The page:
Fire and Dice Rolling out Realistic Flames over Dice By Thomas Adams

A new issue and a new challenge, this article will cover the ever elusive realistic flames. This time around we will attempt to work this effect into an entire composition.  This is more challenging than it sounds due mostly to the fact that three-dimensional cubes can be very tough to draw and to paint in proper pose. These are the things that have perplexed you since high school art class. But, no worries, we shall fear no project!

There’s much to do in this composition, so we had best get started. First off you will need a surface to paint this piece on. I chose a composite panel made up of a thin PVC core with aluminum on either side. These panels are usually used for signs but make great durable rigid panels to do demo airbrush work on. The panel I have already has a black finish on it so all I have to do is scuff up.

Fig. 1 – Clean and scuff so your paint will stick.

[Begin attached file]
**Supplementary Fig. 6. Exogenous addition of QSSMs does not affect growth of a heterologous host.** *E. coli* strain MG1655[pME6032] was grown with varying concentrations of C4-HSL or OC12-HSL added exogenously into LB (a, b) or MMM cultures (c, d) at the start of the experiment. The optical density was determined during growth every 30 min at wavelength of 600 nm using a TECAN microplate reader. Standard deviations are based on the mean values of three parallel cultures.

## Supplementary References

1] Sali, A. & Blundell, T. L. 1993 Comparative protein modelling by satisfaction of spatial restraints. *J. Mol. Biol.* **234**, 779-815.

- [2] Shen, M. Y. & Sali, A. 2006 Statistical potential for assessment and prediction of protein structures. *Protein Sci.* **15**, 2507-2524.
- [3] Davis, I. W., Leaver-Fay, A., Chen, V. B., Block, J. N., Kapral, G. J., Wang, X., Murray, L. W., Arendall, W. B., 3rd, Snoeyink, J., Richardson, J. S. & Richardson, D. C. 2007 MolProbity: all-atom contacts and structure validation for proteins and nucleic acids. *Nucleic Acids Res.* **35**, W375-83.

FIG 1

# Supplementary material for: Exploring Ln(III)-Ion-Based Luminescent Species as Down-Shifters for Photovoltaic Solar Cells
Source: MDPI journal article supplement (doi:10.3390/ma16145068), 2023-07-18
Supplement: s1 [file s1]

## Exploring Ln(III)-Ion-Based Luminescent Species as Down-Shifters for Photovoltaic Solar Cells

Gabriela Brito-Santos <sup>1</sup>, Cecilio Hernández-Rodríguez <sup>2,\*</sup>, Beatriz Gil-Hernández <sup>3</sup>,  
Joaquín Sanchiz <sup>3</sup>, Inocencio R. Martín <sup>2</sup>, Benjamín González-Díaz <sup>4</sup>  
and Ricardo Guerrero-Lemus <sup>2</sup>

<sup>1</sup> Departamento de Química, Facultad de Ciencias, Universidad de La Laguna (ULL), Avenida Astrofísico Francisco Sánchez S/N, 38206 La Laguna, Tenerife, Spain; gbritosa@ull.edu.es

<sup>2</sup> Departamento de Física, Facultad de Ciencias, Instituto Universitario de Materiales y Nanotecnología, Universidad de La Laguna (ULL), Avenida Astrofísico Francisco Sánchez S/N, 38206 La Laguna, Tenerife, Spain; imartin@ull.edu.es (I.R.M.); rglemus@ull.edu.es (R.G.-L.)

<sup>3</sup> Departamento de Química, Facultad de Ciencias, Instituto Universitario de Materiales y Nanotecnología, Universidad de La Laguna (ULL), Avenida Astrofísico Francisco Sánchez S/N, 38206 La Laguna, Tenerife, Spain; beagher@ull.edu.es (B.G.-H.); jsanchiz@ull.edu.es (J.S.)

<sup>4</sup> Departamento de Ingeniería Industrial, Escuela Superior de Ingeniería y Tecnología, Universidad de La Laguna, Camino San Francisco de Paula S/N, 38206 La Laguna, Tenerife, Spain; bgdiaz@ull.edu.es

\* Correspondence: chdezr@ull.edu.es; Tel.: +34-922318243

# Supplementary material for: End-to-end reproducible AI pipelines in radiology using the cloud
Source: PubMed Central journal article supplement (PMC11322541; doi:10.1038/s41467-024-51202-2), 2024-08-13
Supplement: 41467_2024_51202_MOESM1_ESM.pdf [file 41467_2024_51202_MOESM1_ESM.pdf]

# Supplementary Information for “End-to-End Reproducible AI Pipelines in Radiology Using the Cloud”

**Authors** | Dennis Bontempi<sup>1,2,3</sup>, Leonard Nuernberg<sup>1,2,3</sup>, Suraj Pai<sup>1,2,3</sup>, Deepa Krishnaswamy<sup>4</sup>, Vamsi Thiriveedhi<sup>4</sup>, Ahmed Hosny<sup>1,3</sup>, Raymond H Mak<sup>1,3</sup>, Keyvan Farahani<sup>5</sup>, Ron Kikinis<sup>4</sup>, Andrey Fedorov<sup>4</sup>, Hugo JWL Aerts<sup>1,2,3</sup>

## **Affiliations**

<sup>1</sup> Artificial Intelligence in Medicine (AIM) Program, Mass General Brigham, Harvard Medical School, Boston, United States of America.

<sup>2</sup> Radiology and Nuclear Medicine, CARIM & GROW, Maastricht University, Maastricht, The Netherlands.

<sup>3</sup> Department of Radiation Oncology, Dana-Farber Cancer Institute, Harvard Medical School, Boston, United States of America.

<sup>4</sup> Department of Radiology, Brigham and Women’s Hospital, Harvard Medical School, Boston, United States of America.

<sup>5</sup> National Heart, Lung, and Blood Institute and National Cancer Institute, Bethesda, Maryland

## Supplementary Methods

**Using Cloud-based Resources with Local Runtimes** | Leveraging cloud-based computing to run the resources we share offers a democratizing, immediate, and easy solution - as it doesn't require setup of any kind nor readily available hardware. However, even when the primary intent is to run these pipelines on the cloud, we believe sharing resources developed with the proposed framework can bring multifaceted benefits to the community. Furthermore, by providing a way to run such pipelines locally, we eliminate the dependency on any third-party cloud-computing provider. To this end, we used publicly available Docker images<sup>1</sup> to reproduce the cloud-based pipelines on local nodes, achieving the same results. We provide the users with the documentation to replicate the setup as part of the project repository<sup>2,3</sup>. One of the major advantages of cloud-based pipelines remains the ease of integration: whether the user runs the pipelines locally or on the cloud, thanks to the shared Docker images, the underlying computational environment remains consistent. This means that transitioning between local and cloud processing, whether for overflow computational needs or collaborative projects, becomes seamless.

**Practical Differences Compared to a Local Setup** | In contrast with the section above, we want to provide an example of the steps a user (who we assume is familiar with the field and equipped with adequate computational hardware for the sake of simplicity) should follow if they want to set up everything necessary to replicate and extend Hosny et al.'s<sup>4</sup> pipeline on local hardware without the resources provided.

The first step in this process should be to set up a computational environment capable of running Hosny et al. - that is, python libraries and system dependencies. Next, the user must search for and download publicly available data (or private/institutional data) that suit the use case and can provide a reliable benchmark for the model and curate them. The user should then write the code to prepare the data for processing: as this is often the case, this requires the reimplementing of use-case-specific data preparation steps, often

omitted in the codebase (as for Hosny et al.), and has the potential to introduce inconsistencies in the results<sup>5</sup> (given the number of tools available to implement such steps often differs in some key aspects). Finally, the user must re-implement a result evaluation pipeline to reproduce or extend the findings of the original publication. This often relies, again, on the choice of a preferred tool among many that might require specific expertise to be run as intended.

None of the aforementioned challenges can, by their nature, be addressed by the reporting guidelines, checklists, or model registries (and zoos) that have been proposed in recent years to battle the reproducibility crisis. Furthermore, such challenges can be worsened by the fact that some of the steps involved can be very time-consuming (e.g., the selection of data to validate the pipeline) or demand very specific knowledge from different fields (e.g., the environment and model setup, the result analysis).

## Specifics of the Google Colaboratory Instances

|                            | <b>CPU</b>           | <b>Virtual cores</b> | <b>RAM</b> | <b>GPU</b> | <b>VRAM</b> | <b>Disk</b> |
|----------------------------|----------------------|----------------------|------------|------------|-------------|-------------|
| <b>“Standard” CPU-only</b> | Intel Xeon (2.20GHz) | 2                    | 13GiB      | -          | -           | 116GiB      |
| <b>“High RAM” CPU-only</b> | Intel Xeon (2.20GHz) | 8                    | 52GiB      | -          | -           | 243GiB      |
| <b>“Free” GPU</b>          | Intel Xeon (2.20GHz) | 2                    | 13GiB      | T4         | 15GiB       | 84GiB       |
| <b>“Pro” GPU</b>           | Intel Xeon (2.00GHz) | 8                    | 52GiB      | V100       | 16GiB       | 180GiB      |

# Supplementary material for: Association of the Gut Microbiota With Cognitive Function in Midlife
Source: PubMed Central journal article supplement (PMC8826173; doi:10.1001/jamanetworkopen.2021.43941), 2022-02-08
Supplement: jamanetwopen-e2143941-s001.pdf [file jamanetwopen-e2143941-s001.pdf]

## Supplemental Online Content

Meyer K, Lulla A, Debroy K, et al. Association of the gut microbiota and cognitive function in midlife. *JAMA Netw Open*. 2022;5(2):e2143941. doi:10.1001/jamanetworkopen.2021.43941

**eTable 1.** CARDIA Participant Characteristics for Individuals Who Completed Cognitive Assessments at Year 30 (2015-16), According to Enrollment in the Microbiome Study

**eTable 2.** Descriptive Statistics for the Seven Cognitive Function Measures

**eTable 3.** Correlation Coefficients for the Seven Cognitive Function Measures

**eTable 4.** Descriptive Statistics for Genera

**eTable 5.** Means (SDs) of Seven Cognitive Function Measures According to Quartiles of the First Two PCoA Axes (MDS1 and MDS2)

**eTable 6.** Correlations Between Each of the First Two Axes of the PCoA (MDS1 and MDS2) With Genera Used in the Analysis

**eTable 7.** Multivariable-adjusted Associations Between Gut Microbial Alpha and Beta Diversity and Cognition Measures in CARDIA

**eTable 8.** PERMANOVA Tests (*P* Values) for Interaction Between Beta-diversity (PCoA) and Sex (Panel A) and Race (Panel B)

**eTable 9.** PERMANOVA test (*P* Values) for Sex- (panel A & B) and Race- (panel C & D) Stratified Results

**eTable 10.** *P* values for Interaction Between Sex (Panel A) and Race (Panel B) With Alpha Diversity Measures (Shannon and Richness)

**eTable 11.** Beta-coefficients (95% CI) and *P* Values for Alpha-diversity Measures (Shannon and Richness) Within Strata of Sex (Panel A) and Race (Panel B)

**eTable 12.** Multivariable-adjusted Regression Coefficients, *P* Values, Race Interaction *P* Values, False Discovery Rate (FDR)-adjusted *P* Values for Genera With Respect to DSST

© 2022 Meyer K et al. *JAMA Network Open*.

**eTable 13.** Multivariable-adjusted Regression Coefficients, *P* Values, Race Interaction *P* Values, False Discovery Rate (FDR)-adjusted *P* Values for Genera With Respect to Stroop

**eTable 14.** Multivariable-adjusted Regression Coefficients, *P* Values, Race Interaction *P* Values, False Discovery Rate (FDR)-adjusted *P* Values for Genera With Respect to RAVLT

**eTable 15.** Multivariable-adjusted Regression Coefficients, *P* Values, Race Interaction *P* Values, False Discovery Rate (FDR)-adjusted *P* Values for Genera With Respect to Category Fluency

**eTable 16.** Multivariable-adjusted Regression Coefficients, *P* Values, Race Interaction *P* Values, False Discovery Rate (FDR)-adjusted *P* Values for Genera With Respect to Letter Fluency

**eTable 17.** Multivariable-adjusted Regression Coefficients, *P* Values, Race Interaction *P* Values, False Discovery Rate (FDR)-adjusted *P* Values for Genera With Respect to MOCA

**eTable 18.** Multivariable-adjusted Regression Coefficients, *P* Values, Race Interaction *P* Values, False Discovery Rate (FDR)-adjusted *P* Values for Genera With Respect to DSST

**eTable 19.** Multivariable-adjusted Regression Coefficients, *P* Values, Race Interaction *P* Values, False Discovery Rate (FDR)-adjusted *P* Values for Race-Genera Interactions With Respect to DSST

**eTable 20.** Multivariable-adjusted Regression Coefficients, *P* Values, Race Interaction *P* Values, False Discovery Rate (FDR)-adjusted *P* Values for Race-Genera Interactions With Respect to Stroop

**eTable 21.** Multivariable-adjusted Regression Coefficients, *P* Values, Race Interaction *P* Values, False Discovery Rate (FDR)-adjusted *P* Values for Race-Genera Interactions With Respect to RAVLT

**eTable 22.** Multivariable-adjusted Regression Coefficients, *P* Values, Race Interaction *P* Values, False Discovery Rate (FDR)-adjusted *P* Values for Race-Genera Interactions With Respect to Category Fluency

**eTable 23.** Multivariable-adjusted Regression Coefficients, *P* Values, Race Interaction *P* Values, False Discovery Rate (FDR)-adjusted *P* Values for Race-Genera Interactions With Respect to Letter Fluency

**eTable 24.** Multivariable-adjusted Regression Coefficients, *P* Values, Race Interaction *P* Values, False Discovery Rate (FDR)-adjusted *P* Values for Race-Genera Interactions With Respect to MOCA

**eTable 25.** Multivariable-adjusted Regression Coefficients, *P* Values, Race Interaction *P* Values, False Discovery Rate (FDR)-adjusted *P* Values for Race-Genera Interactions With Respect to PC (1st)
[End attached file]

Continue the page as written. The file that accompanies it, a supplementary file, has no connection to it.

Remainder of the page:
Once the panel is scuffed, clean well with soap and water or alcohol and make sure that your surface is completely dry. With the metal clean and dry you may now apply your masking paper. If you read my articles you will notice I always use this adhesive-backed masking paper. I cannot stress enough how well this stuff works for airbrushing.  You can cut it, draw on it and reposition it, and we will do all three in this project. (See Artool’s complete selection of masking films at; and

Once you cover the panel you will next need a pencil and brand new x-acto knife.  As you will see in the pic, I simply drew my design with the pencil straight onto the mask. Now drawing these cubes is a task in and of itself. You want to use a pose that will really make your cubes look like tumbling dice. You will find out that drawing these is easier said than done. Here is a tip:  Always make sure that your lines on each side of the cube are parallel, meaning if you continued them forever they would not touch. Also, the lines that intersect at the top and bottom of the squares should intersect at the same angle. This is tricky, but use a ruler and keep drawing until you get it right.  If it looks wrong it will look fake, and remember that.


Fig. 2 – Keep the cutout to piece in your mask later. Fig. 3 – Cool clean cuts make a crisp design.

You can probably guess the next step, which is to cut carefully along the lines with an x-acto blade.  Don’t apply too much pressure and use a ruler to keep straight lines.